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Assessment of spatial ecosystem services value for identification of suitable areas for REDD+ based on local perception: Ejisu-Juaben district, Ghana

Asamoah, George (2013) Assessment of spatial ecosystem services value for identification of suitable areas for REDD+ based on local perception: Ejisu-Juaben district, Ghana.

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Abstract:Benefits from ecosystem services may be identified and achieved through their quantification and valuation. Valuation is important since it increases awareness among communities of the value of services and enhance the basis for communities and decision makers to protect and conserve areas that have high value for ecosystem services. Valuation also helps to identify areas of loss of key services to communities through deforestation and propose locations where REDD+ could contribute its multiple benefits to rural livelihood. The natural ecosystem in the Ejisu-Juaben district of Ghana is made up of forests, water bodies, minerals, plants and animals. However, the past two decades have seen severe threats on resources arising out of expansion of agricultural activities, excessive lumbering, mining, bush burning, sand winning and rapid conversion of forest lands to residential buildings. These have impacted negatively on the effective provision of ecosystem services to people in this area. The objective of the study was to assess the spatial ecosystem services value for identification of suitable areas where REDD+ could actively support livelihoods. The study used Participatory Geographic information systems (PGIS) as a tool in valuing ecosystem services in the Ejisu-Juaben districts of Ghana. Valuation was carried out based on the construction preference method that sought to assign values to ecosystem services and places where the 3 communities collect these services. The most important ecosystem services listed by both low and high income groups in all 3 study communities were mushroom, medicinal plants, bush meat, snails, honey, food (fruits), fuel wood, water and cane. In general, the groups assigned different weights according to the ecosystem services they collect in their respective communities and viewed these as crucial to their livelihood. The results also indicated that forest holds lots of the key ecosystem services followed by fallow, farmland and grass. Low income group use the ecosystem services more for commercial purposes and less for domestic usage across the 3 study communities in contrast to the high income groups, who use more for domestic purposes than for commercial purposes. The result mean that the low income groups’ livelihoods depend more on income generated from selling the ecosystem services whilst the high income groups may have other alternative sources of income in addition to the ecosystem services provision. The study found variations in spatial distribution of the ecosystem services across all 3 study communities. High values areas provide large quantity of ecosystem services and low values areas provide least quantity of ecosystem services. The result of the accessibility analyses show that influence of land cover, road infrastructure and slope contribute to how the local people locate and access these ecosystem services. Accessibility was classified as highly accessible, accessible, low access and least access. The vegetation types that hold these ecosystem services are randomly located relative to accessibility because some vegetation types provide abundant ecosystem services in both accessible and inaccessible areas. The lower usefulness and values the locals attached to less accessible areas may be attributed to some physical barriers including rivers or water logged areas and high slope areas. The local people maximise access to and optimise use of ecosystem services in locations close to them and some choose to harvest in inaccessible areas. High values areas attract more direct access to the ecosystem services and are potential for holding large ecosystem services, high carbon stock and other biodiversity stock. These high values areas are suitable for REDD+ implementation programmes because it can contribute multiple benefits to rural livelihoods in the form of financial incentives through carbon credits as a result of conserving biodiversity and carbon storage whilst promoting sustainable use of resources. Low values areas that coincide with high carbon was categorised as a high risk area because tress are cut for firewood and charcoal. These low value areas are suitable for REDD+ implementation programmes because it can mitigate deforestation and offer financial incentives to alleviate poverty through plantation development in fallow and grass lands areas and in the long run benefit from future carbon sequestration. Key words: Ecosystem services, Participatory GIS, REDD+, Valuation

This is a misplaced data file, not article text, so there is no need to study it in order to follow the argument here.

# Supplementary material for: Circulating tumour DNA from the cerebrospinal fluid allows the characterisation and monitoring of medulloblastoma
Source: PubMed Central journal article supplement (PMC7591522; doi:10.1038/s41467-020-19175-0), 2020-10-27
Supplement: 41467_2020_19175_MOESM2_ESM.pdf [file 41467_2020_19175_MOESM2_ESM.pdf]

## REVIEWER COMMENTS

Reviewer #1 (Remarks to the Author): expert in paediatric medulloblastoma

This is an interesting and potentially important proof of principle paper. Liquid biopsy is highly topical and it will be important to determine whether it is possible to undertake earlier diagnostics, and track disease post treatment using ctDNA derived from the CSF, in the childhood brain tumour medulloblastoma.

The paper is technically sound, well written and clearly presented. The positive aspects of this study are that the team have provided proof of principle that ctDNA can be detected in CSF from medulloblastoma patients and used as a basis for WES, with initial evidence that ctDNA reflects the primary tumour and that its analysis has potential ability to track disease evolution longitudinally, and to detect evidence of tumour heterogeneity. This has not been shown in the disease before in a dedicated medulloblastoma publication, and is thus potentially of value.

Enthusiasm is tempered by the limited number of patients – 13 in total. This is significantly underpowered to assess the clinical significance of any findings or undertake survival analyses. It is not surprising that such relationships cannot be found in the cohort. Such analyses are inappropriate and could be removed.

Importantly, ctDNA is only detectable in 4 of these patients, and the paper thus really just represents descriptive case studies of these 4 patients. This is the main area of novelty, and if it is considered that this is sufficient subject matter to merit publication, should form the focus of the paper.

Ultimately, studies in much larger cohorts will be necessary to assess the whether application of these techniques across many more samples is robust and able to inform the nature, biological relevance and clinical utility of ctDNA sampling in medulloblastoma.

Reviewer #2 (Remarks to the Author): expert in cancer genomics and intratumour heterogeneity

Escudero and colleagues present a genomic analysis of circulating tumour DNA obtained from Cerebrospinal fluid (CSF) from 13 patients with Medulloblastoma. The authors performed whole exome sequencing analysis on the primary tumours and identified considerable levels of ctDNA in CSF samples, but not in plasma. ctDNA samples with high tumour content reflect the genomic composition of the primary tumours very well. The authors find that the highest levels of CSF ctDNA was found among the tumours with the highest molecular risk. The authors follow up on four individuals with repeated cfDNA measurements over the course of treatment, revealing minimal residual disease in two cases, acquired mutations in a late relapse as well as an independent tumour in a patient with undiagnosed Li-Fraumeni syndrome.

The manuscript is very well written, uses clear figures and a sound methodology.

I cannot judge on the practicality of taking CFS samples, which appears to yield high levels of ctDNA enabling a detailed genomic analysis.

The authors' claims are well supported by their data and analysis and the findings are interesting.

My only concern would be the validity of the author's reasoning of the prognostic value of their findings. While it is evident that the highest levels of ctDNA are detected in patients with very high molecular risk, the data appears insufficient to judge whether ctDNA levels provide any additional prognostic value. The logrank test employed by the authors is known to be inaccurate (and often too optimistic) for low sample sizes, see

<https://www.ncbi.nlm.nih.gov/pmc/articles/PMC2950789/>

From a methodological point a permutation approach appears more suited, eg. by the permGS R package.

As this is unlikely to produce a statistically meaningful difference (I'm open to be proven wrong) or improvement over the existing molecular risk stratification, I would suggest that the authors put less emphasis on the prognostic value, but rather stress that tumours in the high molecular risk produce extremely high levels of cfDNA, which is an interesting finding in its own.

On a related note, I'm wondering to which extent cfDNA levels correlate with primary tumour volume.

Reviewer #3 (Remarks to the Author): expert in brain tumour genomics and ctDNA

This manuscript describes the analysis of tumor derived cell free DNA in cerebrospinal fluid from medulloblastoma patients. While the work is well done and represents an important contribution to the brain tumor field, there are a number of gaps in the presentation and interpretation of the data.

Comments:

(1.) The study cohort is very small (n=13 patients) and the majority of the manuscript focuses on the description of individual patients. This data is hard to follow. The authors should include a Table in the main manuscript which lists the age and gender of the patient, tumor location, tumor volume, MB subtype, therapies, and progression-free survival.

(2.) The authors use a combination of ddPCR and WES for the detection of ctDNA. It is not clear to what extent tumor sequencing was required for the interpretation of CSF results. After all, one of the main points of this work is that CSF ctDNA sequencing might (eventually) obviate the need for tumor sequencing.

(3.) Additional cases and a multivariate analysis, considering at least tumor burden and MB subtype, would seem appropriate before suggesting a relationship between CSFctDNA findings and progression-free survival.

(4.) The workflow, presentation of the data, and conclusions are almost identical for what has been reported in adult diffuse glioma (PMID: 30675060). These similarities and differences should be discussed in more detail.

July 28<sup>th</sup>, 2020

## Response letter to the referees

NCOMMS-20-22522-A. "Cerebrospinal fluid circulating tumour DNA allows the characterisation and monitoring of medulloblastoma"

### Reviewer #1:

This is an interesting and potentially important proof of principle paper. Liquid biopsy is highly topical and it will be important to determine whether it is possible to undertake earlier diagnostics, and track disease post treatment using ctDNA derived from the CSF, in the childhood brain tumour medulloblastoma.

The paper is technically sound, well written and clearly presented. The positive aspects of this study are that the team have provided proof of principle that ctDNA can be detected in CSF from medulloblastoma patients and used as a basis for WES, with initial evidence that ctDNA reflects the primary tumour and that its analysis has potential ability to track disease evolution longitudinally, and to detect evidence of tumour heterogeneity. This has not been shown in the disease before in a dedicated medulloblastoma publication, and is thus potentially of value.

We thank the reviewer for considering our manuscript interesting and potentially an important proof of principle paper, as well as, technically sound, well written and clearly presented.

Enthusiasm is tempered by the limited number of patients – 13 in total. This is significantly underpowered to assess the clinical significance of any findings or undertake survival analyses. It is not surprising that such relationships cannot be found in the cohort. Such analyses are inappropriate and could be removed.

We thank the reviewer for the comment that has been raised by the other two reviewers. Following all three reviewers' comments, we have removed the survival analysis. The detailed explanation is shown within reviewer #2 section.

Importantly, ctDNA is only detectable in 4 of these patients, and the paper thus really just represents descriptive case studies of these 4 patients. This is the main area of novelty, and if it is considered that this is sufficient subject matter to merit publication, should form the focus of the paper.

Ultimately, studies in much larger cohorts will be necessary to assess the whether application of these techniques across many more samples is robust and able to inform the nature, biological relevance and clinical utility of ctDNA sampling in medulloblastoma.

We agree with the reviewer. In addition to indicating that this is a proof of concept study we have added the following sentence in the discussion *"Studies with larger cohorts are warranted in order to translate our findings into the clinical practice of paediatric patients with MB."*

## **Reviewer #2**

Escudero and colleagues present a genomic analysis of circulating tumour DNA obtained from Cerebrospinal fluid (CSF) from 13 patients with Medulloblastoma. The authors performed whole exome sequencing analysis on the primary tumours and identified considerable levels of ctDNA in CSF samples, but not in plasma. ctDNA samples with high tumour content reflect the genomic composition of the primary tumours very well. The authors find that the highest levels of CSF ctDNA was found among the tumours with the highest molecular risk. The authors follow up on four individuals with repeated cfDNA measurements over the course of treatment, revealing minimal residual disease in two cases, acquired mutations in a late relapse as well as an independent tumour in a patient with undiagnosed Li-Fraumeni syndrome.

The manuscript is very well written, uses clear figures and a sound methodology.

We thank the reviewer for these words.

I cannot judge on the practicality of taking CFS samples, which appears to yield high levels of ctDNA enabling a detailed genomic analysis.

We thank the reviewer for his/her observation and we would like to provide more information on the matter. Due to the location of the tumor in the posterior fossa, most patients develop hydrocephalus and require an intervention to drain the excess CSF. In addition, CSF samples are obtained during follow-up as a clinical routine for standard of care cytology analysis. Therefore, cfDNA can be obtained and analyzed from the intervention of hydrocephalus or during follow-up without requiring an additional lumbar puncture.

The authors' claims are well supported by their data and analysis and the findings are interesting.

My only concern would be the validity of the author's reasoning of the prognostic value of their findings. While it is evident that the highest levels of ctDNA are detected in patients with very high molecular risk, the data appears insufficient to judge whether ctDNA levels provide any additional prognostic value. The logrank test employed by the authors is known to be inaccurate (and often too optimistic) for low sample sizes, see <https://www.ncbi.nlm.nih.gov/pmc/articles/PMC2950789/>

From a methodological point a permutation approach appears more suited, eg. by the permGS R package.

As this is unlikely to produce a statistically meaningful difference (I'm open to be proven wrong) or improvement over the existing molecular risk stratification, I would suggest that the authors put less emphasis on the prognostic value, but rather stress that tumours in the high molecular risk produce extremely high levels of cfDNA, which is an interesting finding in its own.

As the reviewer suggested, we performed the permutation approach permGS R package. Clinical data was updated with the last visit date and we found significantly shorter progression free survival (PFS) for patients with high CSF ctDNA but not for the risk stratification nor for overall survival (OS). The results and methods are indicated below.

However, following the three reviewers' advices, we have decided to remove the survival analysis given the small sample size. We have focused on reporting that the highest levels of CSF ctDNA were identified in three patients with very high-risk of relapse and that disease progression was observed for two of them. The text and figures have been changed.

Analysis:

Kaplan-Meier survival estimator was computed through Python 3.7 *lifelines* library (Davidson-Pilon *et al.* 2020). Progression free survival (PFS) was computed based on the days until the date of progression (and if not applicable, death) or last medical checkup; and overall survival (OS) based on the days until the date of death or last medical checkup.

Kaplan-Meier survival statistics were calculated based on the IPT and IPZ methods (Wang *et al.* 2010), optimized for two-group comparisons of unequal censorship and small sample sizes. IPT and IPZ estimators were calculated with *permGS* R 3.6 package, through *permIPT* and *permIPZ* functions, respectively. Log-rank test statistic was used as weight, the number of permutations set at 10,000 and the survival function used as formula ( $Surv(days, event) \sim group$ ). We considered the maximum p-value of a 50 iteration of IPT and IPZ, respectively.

Item Type:Essay (Master)
Faculty:ITC: Faculty of Geo-information Science and Earth Observation
Programme:Geoinformation Science and Earth Observation MSc (75014)
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